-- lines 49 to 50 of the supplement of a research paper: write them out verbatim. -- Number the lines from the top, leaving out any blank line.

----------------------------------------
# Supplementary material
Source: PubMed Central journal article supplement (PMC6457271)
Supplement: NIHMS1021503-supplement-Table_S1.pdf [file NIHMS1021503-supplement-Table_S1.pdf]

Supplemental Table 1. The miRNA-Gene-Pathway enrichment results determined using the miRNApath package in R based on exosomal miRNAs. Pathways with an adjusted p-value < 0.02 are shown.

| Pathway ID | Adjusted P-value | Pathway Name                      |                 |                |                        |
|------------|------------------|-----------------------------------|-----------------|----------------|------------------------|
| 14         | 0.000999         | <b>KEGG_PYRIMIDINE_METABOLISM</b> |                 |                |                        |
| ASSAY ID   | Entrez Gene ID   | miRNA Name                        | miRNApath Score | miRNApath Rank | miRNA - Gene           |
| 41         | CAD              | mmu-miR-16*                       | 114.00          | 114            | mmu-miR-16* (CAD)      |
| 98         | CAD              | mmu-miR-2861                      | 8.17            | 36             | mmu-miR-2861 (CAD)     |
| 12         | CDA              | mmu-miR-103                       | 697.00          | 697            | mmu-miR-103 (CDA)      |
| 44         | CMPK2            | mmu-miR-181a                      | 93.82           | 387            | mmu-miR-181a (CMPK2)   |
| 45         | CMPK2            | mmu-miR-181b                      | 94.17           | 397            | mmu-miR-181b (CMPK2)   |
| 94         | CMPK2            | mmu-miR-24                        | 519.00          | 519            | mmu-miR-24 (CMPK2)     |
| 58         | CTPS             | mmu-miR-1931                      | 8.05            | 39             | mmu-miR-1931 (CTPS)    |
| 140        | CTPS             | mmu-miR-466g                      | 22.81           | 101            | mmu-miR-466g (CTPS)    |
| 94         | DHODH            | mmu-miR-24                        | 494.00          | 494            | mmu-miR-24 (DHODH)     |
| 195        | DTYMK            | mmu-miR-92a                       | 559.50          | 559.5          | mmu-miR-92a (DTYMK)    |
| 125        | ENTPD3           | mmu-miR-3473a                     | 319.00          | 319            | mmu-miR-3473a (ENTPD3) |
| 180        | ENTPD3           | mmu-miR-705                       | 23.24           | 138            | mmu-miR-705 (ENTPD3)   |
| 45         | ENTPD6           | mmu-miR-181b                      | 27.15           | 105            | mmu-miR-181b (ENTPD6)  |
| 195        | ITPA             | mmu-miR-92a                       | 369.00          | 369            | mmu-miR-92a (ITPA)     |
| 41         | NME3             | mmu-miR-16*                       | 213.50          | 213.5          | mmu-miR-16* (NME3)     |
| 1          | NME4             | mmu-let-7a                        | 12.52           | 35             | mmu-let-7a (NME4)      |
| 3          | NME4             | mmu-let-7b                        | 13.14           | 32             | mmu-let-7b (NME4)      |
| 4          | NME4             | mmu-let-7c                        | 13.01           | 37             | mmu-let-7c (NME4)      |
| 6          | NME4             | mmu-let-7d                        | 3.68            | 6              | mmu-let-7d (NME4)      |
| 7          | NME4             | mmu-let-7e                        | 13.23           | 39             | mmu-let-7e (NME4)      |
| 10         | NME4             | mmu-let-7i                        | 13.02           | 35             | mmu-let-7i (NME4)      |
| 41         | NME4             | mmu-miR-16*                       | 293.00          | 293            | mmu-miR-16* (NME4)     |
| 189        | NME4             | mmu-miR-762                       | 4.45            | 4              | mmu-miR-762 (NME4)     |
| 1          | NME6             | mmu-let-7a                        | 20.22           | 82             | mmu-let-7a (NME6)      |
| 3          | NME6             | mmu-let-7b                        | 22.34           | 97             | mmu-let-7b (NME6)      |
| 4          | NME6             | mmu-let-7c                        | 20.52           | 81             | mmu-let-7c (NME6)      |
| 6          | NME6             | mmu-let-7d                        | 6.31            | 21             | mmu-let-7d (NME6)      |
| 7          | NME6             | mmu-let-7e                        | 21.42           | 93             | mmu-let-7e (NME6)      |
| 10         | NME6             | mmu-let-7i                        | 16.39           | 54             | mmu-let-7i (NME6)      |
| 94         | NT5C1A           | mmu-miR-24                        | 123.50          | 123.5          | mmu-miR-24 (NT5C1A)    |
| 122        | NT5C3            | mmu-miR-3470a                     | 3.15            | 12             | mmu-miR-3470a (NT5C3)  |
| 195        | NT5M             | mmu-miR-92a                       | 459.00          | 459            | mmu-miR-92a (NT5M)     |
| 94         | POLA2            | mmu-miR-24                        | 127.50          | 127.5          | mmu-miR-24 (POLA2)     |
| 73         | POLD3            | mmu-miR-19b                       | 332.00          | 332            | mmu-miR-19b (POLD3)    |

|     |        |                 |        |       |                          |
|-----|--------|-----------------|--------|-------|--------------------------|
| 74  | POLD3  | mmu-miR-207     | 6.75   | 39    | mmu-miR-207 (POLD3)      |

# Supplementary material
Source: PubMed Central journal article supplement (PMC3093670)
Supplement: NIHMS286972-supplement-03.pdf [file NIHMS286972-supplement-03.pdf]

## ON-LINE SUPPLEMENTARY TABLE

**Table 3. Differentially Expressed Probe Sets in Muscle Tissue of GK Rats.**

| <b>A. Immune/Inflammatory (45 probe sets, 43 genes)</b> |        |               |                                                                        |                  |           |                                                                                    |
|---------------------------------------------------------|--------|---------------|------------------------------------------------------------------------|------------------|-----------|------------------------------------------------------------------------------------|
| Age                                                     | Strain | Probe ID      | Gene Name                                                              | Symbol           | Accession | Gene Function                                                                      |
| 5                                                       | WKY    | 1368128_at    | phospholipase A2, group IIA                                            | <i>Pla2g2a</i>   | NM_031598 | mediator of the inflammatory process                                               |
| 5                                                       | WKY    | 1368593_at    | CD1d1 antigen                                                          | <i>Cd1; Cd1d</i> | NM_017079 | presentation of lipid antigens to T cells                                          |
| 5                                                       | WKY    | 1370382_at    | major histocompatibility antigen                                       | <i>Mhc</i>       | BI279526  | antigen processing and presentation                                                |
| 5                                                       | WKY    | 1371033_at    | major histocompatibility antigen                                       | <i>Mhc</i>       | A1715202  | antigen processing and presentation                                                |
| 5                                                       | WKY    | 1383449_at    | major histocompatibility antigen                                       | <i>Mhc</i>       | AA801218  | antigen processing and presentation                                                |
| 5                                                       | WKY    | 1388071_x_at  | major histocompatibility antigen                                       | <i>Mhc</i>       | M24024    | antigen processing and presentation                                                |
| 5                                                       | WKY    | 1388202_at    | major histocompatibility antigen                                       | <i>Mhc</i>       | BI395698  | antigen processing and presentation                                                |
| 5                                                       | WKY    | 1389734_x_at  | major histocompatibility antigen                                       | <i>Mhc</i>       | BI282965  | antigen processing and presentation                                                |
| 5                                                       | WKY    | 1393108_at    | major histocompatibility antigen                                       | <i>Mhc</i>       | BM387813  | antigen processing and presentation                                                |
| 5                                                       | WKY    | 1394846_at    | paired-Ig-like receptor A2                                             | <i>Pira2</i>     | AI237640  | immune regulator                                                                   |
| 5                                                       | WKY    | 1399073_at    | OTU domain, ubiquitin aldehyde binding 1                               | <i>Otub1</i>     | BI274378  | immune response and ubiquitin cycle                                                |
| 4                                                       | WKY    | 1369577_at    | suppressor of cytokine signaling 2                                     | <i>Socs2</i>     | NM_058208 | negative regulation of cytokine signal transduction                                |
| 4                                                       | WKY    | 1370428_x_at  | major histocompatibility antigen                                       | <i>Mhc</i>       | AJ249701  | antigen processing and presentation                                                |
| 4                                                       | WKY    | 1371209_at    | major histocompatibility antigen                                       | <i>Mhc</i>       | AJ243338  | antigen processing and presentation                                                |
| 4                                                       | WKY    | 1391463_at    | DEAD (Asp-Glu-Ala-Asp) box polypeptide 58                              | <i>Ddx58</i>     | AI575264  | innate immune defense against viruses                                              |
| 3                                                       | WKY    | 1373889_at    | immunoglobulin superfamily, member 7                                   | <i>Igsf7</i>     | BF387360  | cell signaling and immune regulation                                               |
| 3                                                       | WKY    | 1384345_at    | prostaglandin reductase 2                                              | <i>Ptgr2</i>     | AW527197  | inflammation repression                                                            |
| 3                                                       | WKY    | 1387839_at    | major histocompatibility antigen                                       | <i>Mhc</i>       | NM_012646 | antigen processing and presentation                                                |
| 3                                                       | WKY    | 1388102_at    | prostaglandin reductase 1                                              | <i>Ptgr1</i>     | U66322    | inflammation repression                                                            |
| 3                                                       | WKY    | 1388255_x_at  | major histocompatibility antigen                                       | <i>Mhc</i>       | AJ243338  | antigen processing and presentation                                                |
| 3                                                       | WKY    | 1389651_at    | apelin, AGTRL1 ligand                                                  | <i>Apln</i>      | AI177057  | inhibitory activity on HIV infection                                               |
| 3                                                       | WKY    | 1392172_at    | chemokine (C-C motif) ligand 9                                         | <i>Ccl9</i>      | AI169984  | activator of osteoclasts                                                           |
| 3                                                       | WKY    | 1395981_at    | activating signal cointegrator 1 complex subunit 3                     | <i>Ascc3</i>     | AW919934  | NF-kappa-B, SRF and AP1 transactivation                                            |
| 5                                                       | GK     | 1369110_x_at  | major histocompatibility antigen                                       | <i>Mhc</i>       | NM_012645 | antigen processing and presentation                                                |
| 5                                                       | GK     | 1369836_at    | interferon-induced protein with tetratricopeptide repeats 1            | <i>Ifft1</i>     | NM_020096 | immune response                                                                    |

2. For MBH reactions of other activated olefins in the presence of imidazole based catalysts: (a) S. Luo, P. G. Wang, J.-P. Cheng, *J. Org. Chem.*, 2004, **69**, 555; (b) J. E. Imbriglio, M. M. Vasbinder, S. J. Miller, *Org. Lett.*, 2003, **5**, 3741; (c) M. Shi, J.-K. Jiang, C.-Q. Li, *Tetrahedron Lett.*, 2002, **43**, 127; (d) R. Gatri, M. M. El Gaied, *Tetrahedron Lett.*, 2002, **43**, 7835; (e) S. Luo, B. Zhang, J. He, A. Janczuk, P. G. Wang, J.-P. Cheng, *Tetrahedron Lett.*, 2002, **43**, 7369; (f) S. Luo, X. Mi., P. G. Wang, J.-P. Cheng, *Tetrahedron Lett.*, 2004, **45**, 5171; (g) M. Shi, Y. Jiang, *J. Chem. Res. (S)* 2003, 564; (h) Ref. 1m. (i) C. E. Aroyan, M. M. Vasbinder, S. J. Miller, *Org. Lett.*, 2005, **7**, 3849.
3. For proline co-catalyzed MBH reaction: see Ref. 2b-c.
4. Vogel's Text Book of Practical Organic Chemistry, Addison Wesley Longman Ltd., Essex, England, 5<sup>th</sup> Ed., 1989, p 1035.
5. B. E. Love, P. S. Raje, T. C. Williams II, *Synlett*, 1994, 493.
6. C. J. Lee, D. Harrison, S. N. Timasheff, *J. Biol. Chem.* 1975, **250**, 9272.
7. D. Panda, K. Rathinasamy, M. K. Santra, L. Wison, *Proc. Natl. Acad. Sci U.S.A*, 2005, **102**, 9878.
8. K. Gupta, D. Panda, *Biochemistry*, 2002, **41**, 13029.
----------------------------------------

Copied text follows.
## ON-LINE SUPPLEMENTARY TABLE

**Table 3. Differentially Expressed Probe Sets in Muscle Tissue of GK Rats.**